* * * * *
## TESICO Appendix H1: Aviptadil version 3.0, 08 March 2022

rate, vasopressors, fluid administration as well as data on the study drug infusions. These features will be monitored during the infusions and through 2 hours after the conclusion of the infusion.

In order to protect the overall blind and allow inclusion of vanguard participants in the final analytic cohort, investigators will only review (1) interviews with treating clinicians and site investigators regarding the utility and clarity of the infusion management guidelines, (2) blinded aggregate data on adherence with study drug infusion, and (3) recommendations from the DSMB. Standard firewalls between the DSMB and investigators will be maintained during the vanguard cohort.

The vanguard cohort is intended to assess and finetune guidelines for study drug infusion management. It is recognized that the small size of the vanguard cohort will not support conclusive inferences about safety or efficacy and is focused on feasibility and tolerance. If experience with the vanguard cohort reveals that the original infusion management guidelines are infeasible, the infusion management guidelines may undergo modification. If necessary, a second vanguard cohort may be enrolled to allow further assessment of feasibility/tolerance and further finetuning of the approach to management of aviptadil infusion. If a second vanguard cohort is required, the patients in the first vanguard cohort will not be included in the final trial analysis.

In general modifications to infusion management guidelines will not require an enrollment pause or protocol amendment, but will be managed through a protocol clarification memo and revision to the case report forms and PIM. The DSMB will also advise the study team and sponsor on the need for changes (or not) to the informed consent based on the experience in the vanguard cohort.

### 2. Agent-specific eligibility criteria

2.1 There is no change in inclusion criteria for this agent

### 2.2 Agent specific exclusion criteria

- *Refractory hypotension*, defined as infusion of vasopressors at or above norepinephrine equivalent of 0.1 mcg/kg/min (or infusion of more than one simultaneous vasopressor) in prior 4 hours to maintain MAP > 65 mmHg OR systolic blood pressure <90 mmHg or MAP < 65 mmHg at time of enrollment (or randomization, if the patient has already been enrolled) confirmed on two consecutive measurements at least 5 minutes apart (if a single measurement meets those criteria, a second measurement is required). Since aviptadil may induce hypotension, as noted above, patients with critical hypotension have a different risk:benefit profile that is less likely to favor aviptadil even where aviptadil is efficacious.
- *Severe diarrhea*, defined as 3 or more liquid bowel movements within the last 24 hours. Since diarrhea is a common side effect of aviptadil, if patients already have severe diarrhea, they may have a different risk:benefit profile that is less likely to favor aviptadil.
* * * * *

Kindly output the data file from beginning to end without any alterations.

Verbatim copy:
## TESICO Appendix H1: Aviptadil version 3.0, 08 March 2022

rate, vasopressors, fluid administration as well as data on the study drug infusions. These features will be monitored during the infusions and through 2 hours after the conclusion of the infusion.

In order to protect the overall blind and allow inclusion of vanguard participants in the final analytic cohort, investigators will only review (1) interviews with treating clinicians and site investigators regarding the utility and clarity of the infusion management guidelines, (2) blinded aggregate data on adherence with study drug infusion, and (3) recommendations from the DSMB. Standard firewalls between the DSMB and investigators will be maintained during the vanguard cohort.

The vanguard cohort is intended to assess and finetune guidelines for study drug infusion management. It is recognized that the small size of the vanguard cohort will not support conclusive inferences about safety or efficacy and is focused on feasibility and tolerance. If experience with the vanguard cohort reveals that the original infusion management guidelines are infeasible, the infusion management guidelines may undergo modification. If necessary, a second vanguard cohort may be enrolled to allow further assessment of feasibility/tolerance and further finetuning of the approach to management of aviptadil infusion. If a second vanguard cohort is required, the patients in the first vanguard cohort will not be included in the final trial analysis.

In general modifications to infusion management guidelines will not require an enrollment pause or protocol amendment, but will be managed through a protocol clarification memo and revision to the case report forms and PIM. The DSMB will also advise the study team and sponsor on the need for changes (or not) to the informed consent based on the experience in the vanguard cohort.

### 2. Agent-specific eligibility criteria

2.1 There is no change in inclusion criteria for this agent

### 2.2 Agent specific exclusion criteria

- *Refractory hypotension*, defined as infusion of vasopressors at or above norepinephrine equivalent of 0.1 mcg/kg/min (or infusion of more than one simultaneous vasopressor) in prior 4 hours to maintain MAP > 65 mmHg OR systolic blood pressure <90 mmHg or MAP < 65 mmHg at time of enrollment (or randomization, if the patient has already been enrolled) confirmed on two consecutive measurements at least 5 minutes apart (if a single measurement meets those criteria, a second measurement is required). Since aviptadil may induce hypotension, as noted above, patients with critical hypotension have a different risk:benefit profile that is less likely to favor aviptadil even where aviptadil is efficacious.
- *Severe diarrhea*, defined as 3 or more liquid bowel movements within the last 24 hours. Since diarrhea is a common side effect of aviptadil, if patients already have severe diarrhea, they may have a different risk:benefit profile that is less likely to favor aviptadil.